Poorly equipped Afghan rescuers search for more than 2,000 buried in landslide

Afghan villagers gather at the site of a landslide at the Argo district in Badakhshan province on May 2, 2014. -- PHOTO: REUTERS
Afghan villagers gather at the site of a landslide at the Argo district in Badakhshan province on May 2, 2014. -- PHOTO: REUTERS

KABUL (REUTERS) - Afghan police and villagers, equipped with only basic digging tools, began a dangerous search for more than 2,000 people feared buried under a massive landslide in a remote mountainous region in the northeast on Saturday, amid concern that the unstable hillside may cave in again.

The United Nations said at least 350 people were killed, but officials fear that the toll will rise sharply as the poor village in Badakhshan province, bordering Tajikistan, is buried in up to 100 metres of mud.

Villagers and a few dozen police started the search when daylight broke on Saturday.

"People from surrounding districts of Badakhshan and Takhar have rushed to the area to help with the rescue," Colonel Abdul Qadeer Sayad, a deputy police chief of Badakhshan, told Reuters. "So far today no bodies have been recovered."

Hundreds of mud brick homes were destroyed on Friday when two landslides, triggered by torrential rain, smashed into the Argo district village. There is fear another section of the mountainside could collapse as rescuers try to reach those under the mud.

The Afghan military flew rescue teams to the area on Saturday, as the remote mountain region is served by only narrow, poor roads which have themselves been damaged by more than a week of heavy rain.

"We have managed to get one excavator into the area, but digging looks helpless," said Col Sayad. "It is impossible to find signs of living creatures or houses in most parts of the affected area."

He said the sheer size of the area affected, and the depth of the mud, meant only modern machinery would help in the rescue.

Nato-led coalition troops are on standby to assist but said on Saturday that the Afghan government had not asked for help.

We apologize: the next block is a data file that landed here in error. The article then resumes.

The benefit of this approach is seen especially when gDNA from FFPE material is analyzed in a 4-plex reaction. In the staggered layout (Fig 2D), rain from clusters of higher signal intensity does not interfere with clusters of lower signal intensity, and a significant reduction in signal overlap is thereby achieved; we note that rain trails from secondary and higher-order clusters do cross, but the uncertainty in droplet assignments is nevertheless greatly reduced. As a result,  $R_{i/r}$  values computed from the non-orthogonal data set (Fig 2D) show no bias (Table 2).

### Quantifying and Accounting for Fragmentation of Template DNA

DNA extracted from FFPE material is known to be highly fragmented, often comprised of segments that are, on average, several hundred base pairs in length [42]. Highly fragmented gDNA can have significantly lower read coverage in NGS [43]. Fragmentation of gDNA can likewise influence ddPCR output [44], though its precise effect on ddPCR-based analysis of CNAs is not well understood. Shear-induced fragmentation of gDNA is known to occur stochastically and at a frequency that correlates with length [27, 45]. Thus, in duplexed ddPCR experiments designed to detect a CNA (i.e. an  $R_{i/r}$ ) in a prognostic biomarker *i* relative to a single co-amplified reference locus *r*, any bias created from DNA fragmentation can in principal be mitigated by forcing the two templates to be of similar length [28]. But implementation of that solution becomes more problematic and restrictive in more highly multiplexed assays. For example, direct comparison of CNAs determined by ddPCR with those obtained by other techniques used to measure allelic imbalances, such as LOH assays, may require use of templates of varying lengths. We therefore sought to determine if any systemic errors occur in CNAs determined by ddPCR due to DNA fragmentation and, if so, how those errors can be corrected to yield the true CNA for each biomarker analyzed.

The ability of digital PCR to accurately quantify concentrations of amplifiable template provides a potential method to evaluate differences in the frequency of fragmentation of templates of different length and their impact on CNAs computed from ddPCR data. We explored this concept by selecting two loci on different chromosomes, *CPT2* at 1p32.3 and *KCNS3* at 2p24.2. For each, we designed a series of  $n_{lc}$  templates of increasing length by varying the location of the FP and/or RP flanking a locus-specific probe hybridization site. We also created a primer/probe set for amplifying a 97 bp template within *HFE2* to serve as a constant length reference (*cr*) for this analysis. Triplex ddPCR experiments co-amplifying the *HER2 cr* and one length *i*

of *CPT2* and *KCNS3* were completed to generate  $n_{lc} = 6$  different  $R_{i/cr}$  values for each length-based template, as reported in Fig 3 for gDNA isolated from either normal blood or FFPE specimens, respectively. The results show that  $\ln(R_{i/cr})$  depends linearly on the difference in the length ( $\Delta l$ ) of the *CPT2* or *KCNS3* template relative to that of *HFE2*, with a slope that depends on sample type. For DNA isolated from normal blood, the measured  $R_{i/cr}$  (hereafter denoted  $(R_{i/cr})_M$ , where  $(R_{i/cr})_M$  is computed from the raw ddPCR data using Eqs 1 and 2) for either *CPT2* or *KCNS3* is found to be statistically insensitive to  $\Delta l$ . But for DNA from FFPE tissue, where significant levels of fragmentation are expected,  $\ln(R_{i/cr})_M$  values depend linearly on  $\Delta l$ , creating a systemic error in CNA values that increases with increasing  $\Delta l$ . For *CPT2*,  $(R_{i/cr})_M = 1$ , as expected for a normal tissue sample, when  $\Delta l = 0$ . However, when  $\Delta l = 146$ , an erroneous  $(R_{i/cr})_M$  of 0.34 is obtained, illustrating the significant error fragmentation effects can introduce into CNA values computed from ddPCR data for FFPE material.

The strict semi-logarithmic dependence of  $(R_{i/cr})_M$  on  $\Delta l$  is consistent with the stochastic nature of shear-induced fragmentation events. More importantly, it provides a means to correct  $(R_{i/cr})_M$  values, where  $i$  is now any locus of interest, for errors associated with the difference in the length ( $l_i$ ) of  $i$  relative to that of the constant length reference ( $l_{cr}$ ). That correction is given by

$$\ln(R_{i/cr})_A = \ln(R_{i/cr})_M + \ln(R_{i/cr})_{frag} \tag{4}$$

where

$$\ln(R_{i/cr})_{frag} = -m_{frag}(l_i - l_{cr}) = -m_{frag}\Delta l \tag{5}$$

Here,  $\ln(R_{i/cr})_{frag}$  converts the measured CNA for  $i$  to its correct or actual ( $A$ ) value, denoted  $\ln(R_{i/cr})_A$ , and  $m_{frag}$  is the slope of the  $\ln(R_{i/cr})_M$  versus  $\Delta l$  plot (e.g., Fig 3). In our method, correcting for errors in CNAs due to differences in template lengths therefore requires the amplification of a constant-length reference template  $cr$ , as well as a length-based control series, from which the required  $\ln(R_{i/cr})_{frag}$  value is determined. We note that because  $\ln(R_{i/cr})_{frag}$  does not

Hundreds of people camped out overnight in near freezing conditions, although some were provided tents. Officials distributed food and water. At least 100 people were being treated for injuries, mostly by medics who set up makeshift facilities in a stable building.

Triggered by heavy rain, the side of a mountain collapsed into the village at around 11 am (0630 GMT) on Friday as people were trying to recover their belongings and livestock after a smaller landslip hit their homes a few hours earlier.

Mr Naweed Forotan, a spokesman for the Badakhshan provincial governor, said more than 1,000 families were living in the village. "A total of 2,100 people - men, women and children - are trapped," he said.

Rescue efforts have been hampered by difficult conditions due to the rain. Seasonal rains and spring snow melt have caused heavy destruction across large swathes of northern Afghanistan, killing more than 100 people.

US President Barack Obama said American forces were on standby to help. "Just as the United States has stood with the people of Afghanistan through a difficult decade, we stand ready to help our Afghan partners as they respond to this disaster, for even as our war there comes to an end this year, our commitment to Afghanistan and its people will endure," he said.

About 30,000 US soldiers remain in Afghanistan, although that number is falling as Washington prepares to withdraw by the end of this year all combat troops who battled Taleban insurgents. Police said they had provided a security ring around the area, which has been relatively free of insurgent attacks. The Taleban said in a statement they were also willing to provide security.